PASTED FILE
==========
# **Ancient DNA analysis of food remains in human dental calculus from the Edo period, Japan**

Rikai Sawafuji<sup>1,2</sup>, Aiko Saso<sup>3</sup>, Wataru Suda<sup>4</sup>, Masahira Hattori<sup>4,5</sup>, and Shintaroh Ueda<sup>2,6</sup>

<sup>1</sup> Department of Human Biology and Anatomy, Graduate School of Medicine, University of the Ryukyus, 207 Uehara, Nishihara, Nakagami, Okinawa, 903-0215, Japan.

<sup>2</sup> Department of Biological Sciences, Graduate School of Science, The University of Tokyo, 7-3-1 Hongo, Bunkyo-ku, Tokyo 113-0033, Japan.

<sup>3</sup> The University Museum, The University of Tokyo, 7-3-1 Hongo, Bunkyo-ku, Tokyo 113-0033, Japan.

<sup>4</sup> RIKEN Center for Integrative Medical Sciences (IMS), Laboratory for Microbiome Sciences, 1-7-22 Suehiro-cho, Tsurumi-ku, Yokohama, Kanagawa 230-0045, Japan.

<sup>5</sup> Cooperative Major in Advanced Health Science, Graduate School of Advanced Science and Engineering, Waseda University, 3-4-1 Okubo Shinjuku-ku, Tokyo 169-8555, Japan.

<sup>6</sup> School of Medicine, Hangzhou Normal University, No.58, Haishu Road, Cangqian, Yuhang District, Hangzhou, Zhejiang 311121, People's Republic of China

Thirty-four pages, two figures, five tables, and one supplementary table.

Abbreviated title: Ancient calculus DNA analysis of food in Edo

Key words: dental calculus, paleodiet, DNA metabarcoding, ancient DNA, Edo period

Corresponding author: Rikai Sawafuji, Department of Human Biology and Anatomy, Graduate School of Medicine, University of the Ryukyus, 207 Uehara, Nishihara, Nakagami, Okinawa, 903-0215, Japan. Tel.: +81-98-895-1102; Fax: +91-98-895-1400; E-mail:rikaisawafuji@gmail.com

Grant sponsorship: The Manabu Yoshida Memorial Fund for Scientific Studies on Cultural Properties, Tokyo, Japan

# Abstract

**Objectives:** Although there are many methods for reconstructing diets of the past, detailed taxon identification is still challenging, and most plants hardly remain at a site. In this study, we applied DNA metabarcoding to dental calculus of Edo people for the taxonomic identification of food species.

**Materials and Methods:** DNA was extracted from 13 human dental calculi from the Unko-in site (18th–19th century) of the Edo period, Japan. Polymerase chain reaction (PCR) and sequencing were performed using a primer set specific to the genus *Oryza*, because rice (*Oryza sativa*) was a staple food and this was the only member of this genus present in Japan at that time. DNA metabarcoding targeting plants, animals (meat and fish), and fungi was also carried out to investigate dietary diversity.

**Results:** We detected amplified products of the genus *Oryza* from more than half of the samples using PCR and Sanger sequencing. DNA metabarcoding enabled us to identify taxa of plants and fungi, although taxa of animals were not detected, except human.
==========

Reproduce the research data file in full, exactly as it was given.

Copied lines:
# **Ancient DNA analysis of food remains in human dental calculus from the Edo period, Japan**

Rikai Sawafuji<sup>1,2</sup>, Aiko Saso<sup>3</sup>, Wataru Suda<sup>4</sup>, Masahira Hattori<sup>4,5</sup>, and Shintaroh Ueda<sup>2,6</sup>

<sup>1</sup> Department of Human Biology and Anatomy, Graduate School of Medicine, University of the Ryukyus, 207 Uehara, Nishihara, Nakagami, Okinawa, 903-0215, Japan.

<sup>2</sup> Department of Biological Sciences, Graduate School of Science, The University of Tokyo, 7-3-1 Hongo, Bunkyo-ku, Tokyo 113-0033, Japan.

<sup>3</sup> The University Museum, The University of Tokyo, 7-3-1 Hongo, Bunkyo-ku, Tokyo 113-0033, Japan.

<sup>4</sup> RIKEN Center for Integrative Medical Sciences (IMS), Laboratory for Microbiome Sciences, 1-7-22 Suehiro-cho, Tsurumi-ku, Yokohama, Kanagawa 230-0045, Japan.

<sup>5</sup> Cooperative Major in Advanced Health Science, Graduate School of Advanced Science and Engineering, Waseda University, 3-4-1 Okubo Shinjuku-ku, Tokyo 169-8555, Japan.

<sup>6</sup> School of Medicine, Hangzhou Normal University, No.58, Haishu Road, Cangqian, Yuhang District, Hangzhou, Zhejiang 311121, People's Republic of China

Thirty-four pages, two figures, five tables, and one supplementary table.

Abbreviated title: Ancient calculus DNA analysis of food in Edo

Key words: dental calculus, paleodiet, DNA metabarcoding, ancient DNA, Edo period

Corresponding author: Rikai Sawafuji, Department of Human Biology and Anatomy, Graduate School of Medicine, University of the Ryukyus, 207 Uehara, Nishihara, Nakagami, Okinawa, 903-0215, Japan. Tel.: +81-98-895-1102; Fax: +91-98-895-1400; E-mail:rikaisawafuji@gmail.com

Grant sponsorship: The Manabu Yoshida Memorial Fund for Scientific Studies on Cultural Properties, Tokyo, Japan

# Abstract

**Objectives:** Although there are many methods for reconstructing diets of the past, detailed taxon identification is still challenging, and most plants hardly remain at a site. In this study, we applied DNA metabarcoding to dental calculus of Edo people for the taxonomic identification of food species.

**Materials and Methods:** DNA was extracted from 13 human dental calculi from the Unko-in site (18th–19th century) of the Edo period, Japan. Polymerase chain reaction (PCR) and sequencing were performed using a primer set specific to the genus *Oryza*, because rice (*Oryza sativa*) was a staple food and this was the only member of this genus present in Japan at that time. DNA metabarcoding targeting plants, animals (meat and fish), and fungi was also carried out to investigate dietary diversity.

**Results:** We detected amplified products of the genus *Oryza* from more than half of the samples using PCR and Sanger sequencing. DNA metabarcoding enabled us to identify taxa of plants and fungi, although taxa of animals were not detected, except human.